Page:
Look on the bright side. Perhaps the EU in its endless wisdom will declare this protection to apply to every company in the world who has done any business in the EU. Since that includes Tidbits, anytime anyone in the world links to one of your articles they will owe you money.
After all, businesses like Tidbits deserve to be protected from those taking advantage of the lack of legal protection available under current law.
More information has emerged about the actual text of these proposals.
It strikes me as a distinct possibility that the amendments mentioned in the article you linked to were added specifically to submarine the legislation.
Well, the original proposal was voted down and MEPs now have a chance to make ammendments.
Will they be able to draft ammendments that offer sensible solutions to websites like Google and Bing from exploiting content without paying, or YouTube et all from profiting from stolen content. (We have seen numerous examples of the latter here in England over the last few days, following England’s success in the World Cup.)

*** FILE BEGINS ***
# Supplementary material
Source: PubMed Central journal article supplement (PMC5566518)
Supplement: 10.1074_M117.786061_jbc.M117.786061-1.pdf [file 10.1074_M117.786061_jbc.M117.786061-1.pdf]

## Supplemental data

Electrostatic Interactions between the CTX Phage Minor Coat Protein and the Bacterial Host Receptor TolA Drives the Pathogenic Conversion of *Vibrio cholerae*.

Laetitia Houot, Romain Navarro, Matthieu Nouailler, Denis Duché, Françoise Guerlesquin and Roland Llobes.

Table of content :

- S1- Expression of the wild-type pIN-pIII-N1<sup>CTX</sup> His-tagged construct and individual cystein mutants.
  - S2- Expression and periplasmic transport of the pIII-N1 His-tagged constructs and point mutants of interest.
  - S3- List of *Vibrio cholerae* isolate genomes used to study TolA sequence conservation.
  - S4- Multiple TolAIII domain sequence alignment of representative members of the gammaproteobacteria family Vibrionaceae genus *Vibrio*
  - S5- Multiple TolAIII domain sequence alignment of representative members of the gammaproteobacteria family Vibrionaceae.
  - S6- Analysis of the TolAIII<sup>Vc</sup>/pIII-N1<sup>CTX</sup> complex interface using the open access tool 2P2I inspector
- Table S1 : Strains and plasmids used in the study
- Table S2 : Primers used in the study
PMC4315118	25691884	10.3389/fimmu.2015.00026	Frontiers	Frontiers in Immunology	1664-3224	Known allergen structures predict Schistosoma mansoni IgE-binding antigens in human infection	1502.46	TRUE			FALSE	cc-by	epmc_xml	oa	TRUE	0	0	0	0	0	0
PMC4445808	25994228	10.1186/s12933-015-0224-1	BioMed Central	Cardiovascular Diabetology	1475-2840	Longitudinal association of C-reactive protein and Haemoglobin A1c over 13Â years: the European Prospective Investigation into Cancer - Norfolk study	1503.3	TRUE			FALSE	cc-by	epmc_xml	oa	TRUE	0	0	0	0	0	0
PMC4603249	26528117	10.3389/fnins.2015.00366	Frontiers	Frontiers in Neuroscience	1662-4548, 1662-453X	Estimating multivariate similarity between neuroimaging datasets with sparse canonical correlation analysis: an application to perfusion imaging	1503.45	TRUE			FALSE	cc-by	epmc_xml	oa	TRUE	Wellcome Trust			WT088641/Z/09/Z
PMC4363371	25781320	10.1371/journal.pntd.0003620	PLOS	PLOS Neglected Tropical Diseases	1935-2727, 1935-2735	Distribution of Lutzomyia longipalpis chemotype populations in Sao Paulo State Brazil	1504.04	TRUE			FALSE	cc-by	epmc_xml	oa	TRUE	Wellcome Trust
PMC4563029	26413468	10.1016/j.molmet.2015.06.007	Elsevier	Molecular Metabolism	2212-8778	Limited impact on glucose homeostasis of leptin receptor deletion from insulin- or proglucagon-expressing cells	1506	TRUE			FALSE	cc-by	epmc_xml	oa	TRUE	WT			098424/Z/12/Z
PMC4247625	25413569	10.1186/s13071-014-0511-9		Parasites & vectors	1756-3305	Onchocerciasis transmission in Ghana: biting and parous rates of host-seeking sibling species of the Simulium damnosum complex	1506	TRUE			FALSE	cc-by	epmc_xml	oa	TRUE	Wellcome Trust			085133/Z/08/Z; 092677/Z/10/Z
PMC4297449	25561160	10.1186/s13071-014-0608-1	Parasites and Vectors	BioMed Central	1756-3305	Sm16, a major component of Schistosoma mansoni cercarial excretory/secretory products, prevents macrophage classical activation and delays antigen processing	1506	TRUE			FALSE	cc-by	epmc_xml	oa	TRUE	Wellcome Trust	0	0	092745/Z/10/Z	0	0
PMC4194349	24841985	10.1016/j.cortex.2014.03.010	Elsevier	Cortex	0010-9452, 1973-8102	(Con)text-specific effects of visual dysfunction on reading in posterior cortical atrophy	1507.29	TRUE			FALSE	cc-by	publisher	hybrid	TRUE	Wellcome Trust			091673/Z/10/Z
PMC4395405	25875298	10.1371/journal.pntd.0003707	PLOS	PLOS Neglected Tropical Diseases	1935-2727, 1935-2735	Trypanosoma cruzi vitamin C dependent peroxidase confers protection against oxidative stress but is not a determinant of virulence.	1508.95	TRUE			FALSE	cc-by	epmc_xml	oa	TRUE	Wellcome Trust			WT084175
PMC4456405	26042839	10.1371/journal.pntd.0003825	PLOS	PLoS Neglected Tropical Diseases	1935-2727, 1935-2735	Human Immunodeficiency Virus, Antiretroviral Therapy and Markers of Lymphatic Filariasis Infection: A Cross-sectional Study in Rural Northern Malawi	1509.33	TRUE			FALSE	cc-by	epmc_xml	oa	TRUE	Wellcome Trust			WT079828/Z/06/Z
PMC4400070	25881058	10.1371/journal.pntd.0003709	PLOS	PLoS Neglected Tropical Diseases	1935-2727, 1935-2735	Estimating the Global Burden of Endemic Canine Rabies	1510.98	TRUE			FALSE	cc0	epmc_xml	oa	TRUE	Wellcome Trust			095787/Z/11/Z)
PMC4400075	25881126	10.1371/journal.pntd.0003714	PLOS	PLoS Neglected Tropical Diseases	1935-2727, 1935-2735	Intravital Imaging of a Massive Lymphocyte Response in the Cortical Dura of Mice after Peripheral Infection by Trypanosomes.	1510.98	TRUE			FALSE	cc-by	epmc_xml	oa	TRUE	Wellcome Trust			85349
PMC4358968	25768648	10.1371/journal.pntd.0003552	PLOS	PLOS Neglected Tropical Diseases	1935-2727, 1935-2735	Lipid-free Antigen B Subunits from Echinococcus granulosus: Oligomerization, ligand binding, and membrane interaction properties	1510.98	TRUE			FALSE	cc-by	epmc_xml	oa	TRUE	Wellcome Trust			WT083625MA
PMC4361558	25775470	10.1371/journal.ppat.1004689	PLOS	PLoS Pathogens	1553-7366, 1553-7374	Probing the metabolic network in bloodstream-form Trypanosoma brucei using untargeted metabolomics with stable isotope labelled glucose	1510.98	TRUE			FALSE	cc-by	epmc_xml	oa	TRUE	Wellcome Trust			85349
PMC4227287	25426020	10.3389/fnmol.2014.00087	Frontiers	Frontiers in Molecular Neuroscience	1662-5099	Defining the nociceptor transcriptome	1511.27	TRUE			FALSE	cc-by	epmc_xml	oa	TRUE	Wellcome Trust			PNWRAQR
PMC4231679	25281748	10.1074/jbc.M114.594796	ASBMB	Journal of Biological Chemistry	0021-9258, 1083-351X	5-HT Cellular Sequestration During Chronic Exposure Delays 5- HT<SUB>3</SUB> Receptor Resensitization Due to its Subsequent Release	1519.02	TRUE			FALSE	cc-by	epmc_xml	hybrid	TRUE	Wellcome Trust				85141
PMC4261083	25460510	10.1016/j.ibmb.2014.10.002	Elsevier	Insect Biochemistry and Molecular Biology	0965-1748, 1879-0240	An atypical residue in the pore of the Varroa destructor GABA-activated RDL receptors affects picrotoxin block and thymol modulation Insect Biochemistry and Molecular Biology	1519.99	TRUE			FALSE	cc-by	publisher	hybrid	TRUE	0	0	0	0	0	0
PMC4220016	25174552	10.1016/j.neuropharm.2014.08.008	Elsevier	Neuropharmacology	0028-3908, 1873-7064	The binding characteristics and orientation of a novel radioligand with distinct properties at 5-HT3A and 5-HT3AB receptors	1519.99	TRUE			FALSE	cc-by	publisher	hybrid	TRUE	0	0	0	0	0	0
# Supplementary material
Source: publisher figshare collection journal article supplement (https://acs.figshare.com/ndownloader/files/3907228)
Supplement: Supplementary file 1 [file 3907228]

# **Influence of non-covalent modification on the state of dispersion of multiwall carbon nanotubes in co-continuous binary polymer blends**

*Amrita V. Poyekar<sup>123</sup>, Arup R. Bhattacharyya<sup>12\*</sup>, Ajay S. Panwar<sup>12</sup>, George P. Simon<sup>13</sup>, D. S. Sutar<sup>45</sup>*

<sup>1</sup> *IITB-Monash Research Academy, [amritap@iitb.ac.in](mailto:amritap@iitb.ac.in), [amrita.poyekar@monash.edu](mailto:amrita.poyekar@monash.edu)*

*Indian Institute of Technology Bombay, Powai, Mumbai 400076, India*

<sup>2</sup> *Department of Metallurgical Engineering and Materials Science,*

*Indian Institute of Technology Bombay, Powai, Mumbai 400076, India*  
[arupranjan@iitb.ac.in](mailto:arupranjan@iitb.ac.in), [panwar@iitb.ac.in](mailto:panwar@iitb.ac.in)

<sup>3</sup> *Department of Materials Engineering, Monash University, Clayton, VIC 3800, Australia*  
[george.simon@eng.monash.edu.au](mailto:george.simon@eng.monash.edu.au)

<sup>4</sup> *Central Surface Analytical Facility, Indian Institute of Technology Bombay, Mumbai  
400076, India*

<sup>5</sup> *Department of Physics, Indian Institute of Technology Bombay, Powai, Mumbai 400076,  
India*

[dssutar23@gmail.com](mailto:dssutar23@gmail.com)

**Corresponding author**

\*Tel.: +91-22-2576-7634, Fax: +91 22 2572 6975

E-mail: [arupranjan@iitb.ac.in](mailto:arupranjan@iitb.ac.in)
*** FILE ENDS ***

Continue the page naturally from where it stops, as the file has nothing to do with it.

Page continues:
Some form of restriction is justified, the trick will be do strike a reasonable balance. Google/Facebook etc., could afford to pay from their advertsing revenues, but others may not, so it should not just focus on licensing. It would also need to avoid potential censorship issues. Requiring some form of consent to post links would be a good idea, but need not be too restrictive. Can they come up with a workable solution? Don’t hold your breath.
An update: an updated version of the directive was approved: